"Here we are again in the aftermath of another terrible, inexplicable, shocking and painful tragedy — this time in Las Vegas, which happens to be my hometown," he said, holding back tears. "And, of course, we pray for the victims – and for their families and friends and we wonder why, even though there's probably no way to ever know why a human being would do something like this to other human beings who were at a concert having fun listening to music."
Kimmel continued, "And, as a result of that this morning, we have children are without parents and fathers are without sons, mothers without daughters. ... It’s the kind of thing that makes you want to throw up. Or give up. It’s too much to even process."
He questioned, "I don't know why do our so-called leaders — continue to allow this to happen? Or maybe a better question – why do we continue to let them allow it to happen?"
The host noted that his stance wasn't about gun control, but about "common sense."
"Common sense says no good will ever come from allowing a person to have weapons that can take down 527 Americans at a concert," he said. "Common sense says you don’t let those who suffer from mental illness buy guns."
Kimmel also addressed White House Press Secretary Sarah Huckabee Sanders' comments at a conference earlier this morning during which she said it was "not the time" for political debate: "Well, thank you Sarah, but we have 58 innocent people dead — and it wasn't their time either — so now is the time for political debate."
Kimmel urged viewers to take action and "tell your Congresspeople to do something. It's not enough to send your love and prayers."
Late Night host Seth Meyers began his show by sending his condolences to the families of the victims, and commending first responders and heroic residents who "risked their lives to save stranger."
"It always seems like the worst displays of humanity in this country are immediately followed by the best, and then sadly, that is followed by no action at all. And then it repeats itself," Meyers said, before sending a pointed message to Congress. "I would just like to say — are there no steps we can take as a nation to prevent gun violence? Or is this just how it is, and how it's going to continue to be?"
He questioned Congress members' reasoning for repeatedly insisting "now is not the time" to talk about gun violence, adding, "What you really mean is, there is never a time to talk about it." Meyers ended his message with a plea for transparency: "If you're not willing to do anything, just be honest and tell us. ... If it's going to be thoughts and prayers from here on out, the least you can do is be honest about that."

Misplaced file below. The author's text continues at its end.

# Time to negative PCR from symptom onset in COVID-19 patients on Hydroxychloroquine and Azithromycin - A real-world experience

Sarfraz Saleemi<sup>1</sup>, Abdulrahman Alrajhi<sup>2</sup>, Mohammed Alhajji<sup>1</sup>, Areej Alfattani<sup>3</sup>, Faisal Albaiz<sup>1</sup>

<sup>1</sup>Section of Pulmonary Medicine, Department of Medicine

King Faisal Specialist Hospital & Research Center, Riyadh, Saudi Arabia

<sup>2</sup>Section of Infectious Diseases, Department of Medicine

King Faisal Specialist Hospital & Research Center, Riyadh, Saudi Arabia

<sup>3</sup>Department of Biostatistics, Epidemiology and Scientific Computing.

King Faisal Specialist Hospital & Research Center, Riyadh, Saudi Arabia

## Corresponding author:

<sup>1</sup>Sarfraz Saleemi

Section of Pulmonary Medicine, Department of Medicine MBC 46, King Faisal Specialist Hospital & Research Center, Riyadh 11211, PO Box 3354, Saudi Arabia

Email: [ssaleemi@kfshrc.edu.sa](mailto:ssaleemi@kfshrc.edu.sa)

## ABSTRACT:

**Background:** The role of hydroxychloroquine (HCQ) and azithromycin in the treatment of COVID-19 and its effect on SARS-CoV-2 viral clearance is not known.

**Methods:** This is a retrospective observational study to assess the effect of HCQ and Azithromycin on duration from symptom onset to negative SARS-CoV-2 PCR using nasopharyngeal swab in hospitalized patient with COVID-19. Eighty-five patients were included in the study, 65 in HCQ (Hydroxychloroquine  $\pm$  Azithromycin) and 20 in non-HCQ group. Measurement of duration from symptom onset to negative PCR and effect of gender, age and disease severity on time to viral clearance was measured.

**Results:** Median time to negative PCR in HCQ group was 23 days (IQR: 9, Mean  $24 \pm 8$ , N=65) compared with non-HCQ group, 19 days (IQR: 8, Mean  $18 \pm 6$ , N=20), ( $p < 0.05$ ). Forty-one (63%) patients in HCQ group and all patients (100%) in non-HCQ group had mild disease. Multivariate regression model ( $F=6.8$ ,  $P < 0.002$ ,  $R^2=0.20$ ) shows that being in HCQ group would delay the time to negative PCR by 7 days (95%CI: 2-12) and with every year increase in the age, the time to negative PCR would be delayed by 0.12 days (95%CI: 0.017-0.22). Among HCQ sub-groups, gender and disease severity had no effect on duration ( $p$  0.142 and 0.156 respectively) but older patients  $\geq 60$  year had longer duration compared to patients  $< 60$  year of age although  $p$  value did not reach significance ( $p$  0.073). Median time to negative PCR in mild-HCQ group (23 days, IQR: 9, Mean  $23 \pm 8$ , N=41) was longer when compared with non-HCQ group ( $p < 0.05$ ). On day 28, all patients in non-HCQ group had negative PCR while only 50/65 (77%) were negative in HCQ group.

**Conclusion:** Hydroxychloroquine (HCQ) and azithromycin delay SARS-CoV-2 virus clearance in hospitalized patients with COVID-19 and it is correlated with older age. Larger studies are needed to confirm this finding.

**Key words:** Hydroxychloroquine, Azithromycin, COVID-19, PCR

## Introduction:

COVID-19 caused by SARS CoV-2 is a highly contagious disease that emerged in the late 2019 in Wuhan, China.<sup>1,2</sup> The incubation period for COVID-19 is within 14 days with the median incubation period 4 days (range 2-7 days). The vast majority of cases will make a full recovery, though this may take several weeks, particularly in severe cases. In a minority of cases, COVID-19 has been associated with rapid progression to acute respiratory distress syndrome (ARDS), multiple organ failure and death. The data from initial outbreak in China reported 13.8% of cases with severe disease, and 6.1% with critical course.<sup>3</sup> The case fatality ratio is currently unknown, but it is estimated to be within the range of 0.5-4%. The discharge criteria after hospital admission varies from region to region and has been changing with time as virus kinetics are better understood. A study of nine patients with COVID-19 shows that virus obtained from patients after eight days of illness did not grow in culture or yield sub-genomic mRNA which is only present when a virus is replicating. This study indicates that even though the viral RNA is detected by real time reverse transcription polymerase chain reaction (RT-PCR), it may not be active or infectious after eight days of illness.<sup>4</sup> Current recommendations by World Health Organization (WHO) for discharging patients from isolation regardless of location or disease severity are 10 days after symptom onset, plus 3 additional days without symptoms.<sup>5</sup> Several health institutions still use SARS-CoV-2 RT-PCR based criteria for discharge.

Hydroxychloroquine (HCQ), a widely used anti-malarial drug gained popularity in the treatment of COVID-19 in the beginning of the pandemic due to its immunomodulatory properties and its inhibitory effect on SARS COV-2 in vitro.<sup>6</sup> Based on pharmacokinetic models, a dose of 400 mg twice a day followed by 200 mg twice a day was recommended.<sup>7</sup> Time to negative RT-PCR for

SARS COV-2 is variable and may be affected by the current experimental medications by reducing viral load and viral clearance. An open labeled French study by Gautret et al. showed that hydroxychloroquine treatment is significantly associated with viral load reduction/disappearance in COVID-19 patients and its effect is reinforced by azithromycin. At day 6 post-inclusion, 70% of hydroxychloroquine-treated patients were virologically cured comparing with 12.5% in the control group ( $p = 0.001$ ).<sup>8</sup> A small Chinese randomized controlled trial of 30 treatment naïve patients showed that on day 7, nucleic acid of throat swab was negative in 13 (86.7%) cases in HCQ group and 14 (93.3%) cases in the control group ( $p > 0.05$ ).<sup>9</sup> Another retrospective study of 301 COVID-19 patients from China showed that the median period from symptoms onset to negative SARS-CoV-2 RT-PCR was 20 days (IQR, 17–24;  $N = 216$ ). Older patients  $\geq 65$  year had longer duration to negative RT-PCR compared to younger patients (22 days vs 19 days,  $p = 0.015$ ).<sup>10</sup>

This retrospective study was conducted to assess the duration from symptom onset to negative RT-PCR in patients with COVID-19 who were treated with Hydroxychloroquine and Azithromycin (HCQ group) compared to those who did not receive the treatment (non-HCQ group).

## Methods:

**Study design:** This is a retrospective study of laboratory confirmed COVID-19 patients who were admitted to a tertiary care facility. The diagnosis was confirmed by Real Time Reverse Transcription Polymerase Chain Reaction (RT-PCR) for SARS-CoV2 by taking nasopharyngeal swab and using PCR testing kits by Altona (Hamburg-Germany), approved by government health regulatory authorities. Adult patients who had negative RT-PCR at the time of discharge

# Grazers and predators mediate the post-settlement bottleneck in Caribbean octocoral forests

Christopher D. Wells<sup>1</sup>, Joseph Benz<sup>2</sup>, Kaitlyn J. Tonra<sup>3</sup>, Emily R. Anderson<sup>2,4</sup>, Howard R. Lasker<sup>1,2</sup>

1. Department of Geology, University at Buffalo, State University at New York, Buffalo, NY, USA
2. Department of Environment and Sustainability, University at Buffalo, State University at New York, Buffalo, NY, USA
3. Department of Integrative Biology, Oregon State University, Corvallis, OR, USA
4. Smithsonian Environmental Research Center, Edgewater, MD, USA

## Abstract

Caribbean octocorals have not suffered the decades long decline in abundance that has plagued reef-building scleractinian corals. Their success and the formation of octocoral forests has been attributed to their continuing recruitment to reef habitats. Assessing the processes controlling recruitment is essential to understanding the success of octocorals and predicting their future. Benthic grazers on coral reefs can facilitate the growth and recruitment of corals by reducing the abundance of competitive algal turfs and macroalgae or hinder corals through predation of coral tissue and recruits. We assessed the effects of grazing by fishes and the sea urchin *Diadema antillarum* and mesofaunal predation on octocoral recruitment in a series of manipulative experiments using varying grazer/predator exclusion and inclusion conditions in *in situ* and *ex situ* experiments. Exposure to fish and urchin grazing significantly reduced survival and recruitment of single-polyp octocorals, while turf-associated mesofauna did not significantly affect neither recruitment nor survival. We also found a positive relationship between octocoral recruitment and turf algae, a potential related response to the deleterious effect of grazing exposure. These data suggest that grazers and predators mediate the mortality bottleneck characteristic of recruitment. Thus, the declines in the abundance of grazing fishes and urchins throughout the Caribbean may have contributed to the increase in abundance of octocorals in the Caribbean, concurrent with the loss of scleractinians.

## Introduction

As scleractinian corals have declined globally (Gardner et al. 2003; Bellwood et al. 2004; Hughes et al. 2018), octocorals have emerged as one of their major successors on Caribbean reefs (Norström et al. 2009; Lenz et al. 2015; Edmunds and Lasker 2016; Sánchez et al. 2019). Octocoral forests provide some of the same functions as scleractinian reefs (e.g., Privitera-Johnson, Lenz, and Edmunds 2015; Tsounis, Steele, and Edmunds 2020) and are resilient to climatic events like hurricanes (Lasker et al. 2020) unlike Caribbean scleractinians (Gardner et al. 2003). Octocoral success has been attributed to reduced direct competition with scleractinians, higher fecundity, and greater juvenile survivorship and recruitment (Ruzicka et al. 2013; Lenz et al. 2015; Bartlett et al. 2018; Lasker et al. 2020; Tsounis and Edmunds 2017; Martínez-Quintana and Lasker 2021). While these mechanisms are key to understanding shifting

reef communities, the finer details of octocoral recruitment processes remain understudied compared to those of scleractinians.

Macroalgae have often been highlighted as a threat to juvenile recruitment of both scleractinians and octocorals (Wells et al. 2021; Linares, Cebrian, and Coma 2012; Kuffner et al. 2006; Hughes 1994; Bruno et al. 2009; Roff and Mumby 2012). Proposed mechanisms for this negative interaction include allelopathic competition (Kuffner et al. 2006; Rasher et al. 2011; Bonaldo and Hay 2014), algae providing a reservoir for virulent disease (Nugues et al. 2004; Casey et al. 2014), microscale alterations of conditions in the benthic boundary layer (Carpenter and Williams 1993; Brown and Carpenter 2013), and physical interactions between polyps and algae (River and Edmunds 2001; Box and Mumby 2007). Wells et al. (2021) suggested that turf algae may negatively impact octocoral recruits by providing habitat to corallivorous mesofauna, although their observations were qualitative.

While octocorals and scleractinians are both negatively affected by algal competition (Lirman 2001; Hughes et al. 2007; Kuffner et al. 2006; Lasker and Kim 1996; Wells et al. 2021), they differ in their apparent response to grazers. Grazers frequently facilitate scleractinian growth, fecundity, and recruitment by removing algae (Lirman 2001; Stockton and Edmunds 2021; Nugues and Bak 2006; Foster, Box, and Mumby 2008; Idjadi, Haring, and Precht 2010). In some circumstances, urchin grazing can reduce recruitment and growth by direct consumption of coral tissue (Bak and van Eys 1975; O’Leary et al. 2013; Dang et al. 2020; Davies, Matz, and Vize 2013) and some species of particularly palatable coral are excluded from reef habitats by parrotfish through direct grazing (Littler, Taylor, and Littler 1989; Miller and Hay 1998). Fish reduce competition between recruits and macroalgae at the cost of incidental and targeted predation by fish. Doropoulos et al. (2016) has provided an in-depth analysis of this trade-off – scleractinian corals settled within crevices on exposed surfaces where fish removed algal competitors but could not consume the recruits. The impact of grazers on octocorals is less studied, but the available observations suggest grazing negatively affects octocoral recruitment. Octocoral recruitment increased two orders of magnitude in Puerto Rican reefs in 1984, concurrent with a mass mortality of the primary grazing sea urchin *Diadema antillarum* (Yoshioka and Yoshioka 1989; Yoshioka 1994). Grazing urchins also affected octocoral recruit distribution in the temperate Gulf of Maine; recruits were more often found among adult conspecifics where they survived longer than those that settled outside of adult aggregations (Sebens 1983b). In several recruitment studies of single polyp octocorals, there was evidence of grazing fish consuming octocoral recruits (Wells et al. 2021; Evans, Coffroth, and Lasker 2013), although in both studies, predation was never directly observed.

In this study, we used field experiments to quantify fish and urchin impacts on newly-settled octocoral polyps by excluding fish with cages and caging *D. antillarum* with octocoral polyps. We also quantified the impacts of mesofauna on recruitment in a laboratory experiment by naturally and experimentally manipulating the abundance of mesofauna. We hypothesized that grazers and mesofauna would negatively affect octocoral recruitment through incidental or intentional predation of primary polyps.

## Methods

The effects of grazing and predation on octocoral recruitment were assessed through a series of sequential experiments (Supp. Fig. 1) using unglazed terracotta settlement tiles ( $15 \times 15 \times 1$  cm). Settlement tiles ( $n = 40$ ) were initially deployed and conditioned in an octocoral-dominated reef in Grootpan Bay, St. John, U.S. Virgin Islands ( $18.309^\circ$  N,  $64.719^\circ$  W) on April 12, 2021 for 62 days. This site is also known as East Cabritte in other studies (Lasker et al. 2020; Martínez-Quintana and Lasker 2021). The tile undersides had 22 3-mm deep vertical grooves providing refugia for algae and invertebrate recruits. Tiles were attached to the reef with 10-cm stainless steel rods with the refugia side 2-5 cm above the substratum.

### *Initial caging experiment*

Trevor Noah similarly tackled the taboo subject of gun control in America on The Daily Show.
"What's particularly heartbreaking is other than the lives lost, I feel like people are becoming more accustomed to this type of news," he said. "I almost know how it's going to play out. We're shocked, we're sad, thoughts and prayers — and then almost on cue, people are going to come out saying, 'whatever you do, when speaking about the shootings, don't talk about guns.'"
Noah noted that the country has run through every possible excuse to avoid talking about guns.
"I've never been to a country where people are as afraid to speak about guns. Every time there's a shooting you got to look at something else. Is it Muslims? Is it there religion? Is that what it is? Is it the blacks? Is it mentally ill people? Is it White Nationalists? Every time it's a different question. Now after this incident in Las Vegas we're asking a new question. Is it hotels?" he said.
Noah concluded his segment with an apology to the victims and their loved ones.
"To the people of Las Vegas, I can't give you thoughts and prayers. I can only say that I'm sorry," Noah said. "I'm sorry we live in a world where people will put a gun before your lives."
Conan O'Brien spoke about the "terrible and numbing" tragedy, telling his audience, "When I began in 1993, occasions like this were extremely rare. For me, or any TV comedy host, to come out and need to address a mass shooting spree was practically unheard of. ... Things have changed."
Noting the numerous mass shootings that have occurred over the past decade, he questioned, "When did this become a ritual and what does it say about us that it has?"
"I'm not the most political of our comics, but I will repeat what I said not long ago after Orlando — I don't think it should be so easy for one demented person to kill so many people so quickly," O'Brian added, before concluding with the statement that "something needs to change."
James Corden also addressed the Vegas bloodshed on The Late Late Show. “Last night was the biggest mass shooting in United States history,” Cordon said at the top of the show. “That’s a record that’s been set twice since the two-and-a-half years that I’ve been living in America.”
This article originally appeared in THR.com.